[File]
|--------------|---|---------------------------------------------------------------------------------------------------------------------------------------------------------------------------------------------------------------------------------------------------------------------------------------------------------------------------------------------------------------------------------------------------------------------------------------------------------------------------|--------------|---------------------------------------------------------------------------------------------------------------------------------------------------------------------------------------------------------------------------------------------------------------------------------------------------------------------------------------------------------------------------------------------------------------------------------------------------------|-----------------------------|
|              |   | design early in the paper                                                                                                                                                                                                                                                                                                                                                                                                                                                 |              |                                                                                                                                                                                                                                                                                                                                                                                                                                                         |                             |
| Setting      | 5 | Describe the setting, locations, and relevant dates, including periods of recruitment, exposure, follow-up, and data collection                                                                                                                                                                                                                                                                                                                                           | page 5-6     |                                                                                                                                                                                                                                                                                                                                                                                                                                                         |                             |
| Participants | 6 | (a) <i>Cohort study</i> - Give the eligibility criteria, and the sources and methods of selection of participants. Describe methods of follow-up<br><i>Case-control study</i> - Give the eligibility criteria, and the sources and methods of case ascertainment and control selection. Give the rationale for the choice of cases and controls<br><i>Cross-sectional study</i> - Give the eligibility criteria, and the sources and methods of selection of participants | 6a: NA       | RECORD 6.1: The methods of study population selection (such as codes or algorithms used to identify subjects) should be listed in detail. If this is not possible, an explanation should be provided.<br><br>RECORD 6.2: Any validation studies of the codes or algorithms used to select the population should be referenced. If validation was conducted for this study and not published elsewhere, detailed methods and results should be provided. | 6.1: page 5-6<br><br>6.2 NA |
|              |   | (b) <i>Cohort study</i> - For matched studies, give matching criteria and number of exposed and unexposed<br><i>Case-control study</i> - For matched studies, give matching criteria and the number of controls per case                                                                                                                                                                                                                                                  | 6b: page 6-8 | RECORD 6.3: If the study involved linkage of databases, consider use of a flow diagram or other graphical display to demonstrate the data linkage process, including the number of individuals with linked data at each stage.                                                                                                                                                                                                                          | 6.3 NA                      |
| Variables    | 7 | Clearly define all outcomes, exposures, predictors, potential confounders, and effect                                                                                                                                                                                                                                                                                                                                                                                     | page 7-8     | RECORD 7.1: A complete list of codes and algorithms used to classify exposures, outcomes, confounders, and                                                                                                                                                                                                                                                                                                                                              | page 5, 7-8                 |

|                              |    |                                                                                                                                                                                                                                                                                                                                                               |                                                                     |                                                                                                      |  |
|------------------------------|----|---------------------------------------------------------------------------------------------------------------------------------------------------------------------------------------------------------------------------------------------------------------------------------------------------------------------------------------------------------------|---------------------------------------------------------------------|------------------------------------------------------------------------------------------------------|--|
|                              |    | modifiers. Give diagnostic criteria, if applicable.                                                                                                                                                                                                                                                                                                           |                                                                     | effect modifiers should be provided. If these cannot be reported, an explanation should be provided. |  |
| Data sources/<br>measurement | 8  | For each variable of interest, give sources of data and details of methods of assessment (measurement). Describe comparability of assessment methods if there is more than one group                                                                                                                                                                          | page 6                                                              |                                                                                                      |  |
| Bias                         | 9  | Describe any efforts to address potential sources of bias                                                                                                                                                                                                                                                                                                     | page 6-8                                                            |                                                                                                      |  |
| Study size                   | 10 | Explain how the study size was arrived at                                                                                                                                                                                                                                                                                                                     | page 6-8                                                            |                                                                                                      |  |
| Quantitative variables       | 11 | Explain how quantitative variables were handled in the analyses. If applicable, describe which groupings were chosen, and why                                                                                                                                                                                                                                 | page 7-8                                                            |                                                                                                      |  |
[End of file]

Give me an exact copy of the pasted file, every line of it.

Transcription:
|--------------|---|---------------------------------------------------------------------------------------------------------------------------------------------------------------------------------------------------------------------------------------------------------------------------------------------------------------------------------------------------------------------------------------------------------------------------------------------------------------------------|--------------|---------------------------------------------------------------------------------------------------------------------------------------------------------------------------------------------------------------------------------------------------------------------------------------------------------------------------------------------------------------------------------------------------------------------------------------------------------|-----------------------------|
|              |   | design early in the paper                                                                                                                                                                                                                                                                                                                                                                                                                                                 |              |                                                                                                                                                                                                                                                                                                                                                                                                                                                         |                             |
| Setting      | 5 | Describe the setting, locations, and relevant dates, including periods of recruitment, exposure, follow-up, and data collection                                                                                                                                                                                                                                                                                                                                           | page 5-6     |                                                                                                                                                                                                                                                                                                                                                                                                                                                         |                             |
| Participants | 6 | (a) <i>Cohort study</i> - Give the eligibility criteria, and the sources and methods of selection of participants. Describe methods of follow-up<br><i>Case-control study</i> - Give the eligibility criteria, and the sources and methods of case ascertainment and control selection. Give the rationale for the choice of cases and controls<br><i>Cross-sectional study</i> - Give the eligibility criteria, and the sources and methods of selection of participants | 6a: NA       | RECORD 6.1: The methods of study population selection (such as codes or algorithms used to identify subjects) should be listed in detail. If this is not possible, an explanation should be provided.<br><br>RECORD 6.2: Any validation studies of the codes or algorithms used to select the population should be referenced. If validation was conducted for this study and not published elsewhere, detailed methods and results should be provided. | 6.1: page 5-6<br><br>6.2 NA |
|              |   | (b) <i>Cohort study</i> - For matched studies, give matching criteria and number of exposed and unexposed<br><i>Case-control study</i> - For matched studies, give matching criteria and the number of controls per case                                                                                                                                                                                                                                                  | 6b: page 6-8 | RECORD 6.3: If the study involved linkage of databases, consider use of a flow diagram or other graphical display to demonstrate the data linkage process, including the number of individuals with linked data at each stage.                                                                                                                                                                                                                          | 6.3 NA                      |
| Variables    | 7 | Clearly define all outcomes, exposures, predictors, potential confounders, and effect                                                                                                                                                                                                                                                                                                                                                                                     | page 7-8     | RECORD 7.1: A complete list of codes and algorithms used to classify exposures, outcomes, confounders, and                                                                                                                                                                                                                                                                                                                                              | page 5, 7-8                 |

|                              |    |                                                                                                                                                                                                                                                                                                                                                               |                                                                     |                                                                                                      |  |
|------------------------------|----|---------------------------------------------------------------------------------------------------------------------------------------------------------------------------------------------------------------------------------------------------------------------------------------------------------------------------------------------------------------|---------------------------------------------------------------------|------------------------------------------------------------------------------------------------------|--|
|                              |    | modifiers. Give diagnostic criteria, if applicable.                                                                                                                                                                                                                                                                                                           |                                                                     | effect modifiers should be provided. If these cannot be reported, an explanation should be provided. |  |
| Data sources/<br>measurement | 8  | For each variable of interest, give sources of data and details of methods of assessment (measurement). Describe comparability of assessment methods if there is more than one group                                                                                                                                                                          | page 6                                                              |                                                                                                      |  |
| Bias                         | 9  | Describe any efforts to address potential sources of bias                                                                                                                                                                                                                                                                                                     | page 6-8                                                            |                                                                                                      |  |
| Study size                   | 10 | Explain how the study size was arrived at                                                                                                                                                                                                                                                                                                                     | page 6-8                                                            |                                                                                                      |  |
| Quantitative variables       | 11 | Explain how quantitative variables were handled in the analyses. If applicable, describe which groupings were chosen, and why                                                                                                                                                                                                                                 | page 7-8                                                            |                                                                                                      |  |